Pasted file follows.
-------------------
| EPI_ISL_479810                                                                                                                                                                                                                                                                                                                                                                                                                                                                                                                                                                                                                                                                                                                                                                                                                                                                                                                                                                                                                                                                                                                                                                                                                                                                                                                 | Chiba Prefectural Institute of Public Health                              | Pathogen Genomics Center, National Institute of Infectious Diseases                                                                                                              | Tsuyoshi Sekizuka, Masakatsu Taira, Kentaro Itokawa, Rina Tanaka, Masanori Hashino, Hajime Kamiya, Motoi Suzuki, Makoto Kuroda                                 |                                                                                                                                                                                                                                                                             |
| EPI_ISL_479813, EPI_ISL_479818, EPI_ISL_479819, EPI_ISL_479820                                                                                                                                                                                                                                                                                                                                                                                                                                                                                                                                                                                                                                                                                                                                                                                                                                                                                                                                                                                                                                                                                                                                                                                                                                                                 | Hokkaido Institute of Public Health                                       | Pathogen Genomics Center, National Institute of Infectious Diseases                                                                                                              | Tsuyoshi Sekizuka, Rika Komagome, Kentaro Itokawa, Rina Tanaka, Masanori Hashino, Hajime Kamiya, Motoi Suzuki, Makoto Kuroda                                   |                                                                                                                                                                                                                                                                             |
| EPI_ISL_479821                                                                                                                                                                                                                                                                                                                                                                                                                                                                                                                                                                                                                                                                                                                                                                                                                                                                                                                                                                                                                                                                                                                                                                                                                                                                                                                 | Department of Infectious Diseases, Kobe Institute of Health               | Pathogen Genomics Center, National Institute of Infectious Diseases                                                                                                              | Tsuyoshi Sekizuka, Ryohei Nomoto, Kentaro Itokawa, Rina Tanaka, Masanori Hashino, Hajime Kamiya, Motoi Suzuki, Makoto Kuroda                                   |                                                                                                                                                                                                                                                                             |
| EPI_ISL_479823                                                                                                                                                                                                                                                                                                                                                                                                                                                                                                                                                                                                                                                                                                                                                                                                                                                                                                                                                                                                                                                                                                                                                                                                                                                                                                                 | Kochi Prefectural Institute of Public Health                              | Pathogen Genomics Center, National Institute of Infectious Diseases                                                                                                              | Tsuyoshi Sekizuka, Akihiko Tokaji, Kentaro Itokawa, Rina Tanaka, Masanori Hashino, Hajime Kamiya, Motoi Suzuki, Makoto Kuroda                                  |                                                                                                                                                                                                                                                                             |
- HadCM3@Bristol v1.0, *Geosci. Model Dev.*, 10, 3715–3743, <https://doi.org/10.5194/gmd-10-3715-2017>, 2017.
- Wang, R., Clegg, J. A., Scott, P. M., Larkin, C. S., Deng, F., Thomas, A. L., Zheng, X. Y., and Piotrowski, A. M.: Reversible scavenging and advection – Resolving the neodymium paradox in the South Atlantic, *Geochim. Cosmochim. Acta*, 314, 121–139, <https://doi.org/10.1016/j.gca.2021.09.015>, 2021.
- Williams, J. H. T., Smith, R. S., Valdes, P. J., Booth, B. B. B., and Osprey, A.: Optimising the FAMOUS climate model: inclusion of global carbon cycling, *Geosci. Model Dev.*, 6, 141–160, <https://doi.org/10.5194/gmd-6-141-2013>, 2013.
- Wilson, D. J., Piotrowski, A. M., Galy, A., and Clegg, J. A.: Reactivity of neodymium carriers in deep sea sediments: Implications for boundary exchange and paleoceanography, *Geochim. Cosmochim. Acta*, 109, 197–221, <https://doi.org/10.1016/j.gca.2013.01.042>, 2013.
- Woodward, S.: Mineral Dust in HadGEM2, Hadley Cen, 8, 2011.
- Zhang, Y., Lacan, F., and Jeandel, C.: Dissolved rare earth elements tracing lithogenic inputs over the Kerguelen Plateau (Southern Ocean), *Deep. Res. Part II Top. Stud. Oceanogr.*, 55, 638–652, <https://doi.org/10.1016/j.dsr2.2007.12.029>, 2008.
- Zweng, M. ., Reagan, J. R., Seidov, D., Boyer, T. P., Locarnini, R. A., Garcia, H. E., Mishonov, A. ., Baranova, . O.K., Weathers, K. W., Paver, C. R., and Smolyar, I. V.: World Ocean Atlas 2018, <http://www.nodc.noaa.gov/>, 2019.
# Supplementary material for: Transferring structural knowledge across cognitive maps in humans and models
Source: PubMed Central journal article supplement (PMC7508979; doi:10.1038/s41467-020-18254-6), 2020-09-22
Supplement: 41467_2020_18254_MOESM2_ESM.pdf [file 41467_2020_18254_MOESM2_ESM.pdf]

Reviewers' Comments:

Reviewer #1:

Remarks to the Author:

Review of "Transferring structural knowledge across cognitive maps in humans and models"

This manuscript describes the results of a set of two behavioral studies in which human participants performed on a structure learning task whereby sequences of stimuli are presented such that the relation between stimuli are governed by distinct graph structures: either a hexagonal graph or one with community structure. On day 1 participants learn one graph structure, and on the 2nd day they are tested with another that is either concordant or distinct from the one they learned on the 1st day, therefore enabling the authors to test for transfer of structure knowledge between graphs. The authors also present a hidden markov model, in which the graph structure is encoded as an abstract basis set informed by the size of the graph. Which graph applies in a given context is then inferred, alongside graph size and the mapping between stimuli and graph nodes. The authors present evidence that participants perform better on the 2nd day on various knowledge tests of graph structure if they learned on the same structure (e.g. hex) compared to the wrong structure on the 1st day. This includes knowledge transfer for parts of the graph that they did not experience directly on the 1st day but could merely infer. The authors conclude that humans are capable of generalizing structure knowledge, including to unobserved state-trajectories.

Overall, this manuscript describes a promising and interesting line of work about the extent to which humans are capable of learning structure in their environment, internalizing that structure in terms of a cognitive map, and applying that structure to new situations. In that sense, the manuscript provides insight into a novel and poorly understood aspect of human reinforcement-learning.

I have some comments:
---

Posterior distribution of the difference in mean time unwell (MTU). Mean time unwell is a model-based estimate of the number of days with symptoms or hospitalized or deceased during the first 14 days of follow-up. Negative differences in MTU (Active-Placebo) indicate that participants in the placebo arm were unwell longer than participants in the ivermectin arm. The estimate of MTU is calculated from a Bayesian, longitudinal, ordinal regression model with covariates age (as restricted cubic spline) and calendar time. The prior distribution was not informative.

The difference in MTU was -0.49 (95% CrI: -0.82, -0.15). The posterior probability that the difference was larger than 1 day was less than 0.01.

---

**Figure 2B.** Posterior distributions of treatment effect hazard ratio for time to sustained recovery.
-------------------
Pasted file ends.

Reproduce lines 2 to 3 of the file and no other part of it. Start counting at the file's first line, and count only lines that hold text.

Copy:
| EPI_ISL_479813, EPI_ISL_479818, EPI_ISL_479819, EPI_ISL_479820                                                                                                                                                                                                                                                                                                                                                                                                                                                                                                                                                                                                                                                                                                                                                                                                                                                                                                                                                                                                                                                                                                                                                                                                                                                                 | Hokkaido Institute of Public Health                                       | Pathogen Genomics Center, National Institute of Infectious Diseases                                                                                                              | Tsuyoshi Sekizuka, Rika Komagome, Kentaro Itokawa, Rina Tanaka, Masanori Hashino, Hajime Kamiya, Motoi Suzuki, Makoto Kuroda                                   |                                                                                                                                                                                                                                                                             |
| EPI_ISL_479821                                                                                                                                                                                                                                                                                                                                                                                                                                                                                                                                                                                                                                                                                                                                                                                                                                                                                                                                                                                                                                                                                                                                                                                                                                                                                                                 | Department of Infectious Diseases, Kobe Institute of Health               | Pathogen Genomics Center, National Institute of Infectious Diseases                                                                                                              | Tsuyoshi Sekizuka, Ryohei Nomoto, Kentaro Itokawa, Rina Tanaka, Masanori Hashino, Hajime Kamiya, Motoi Suzuki, Makoto Kuroda                                   |                                                                                                                                                                                                                                                                             |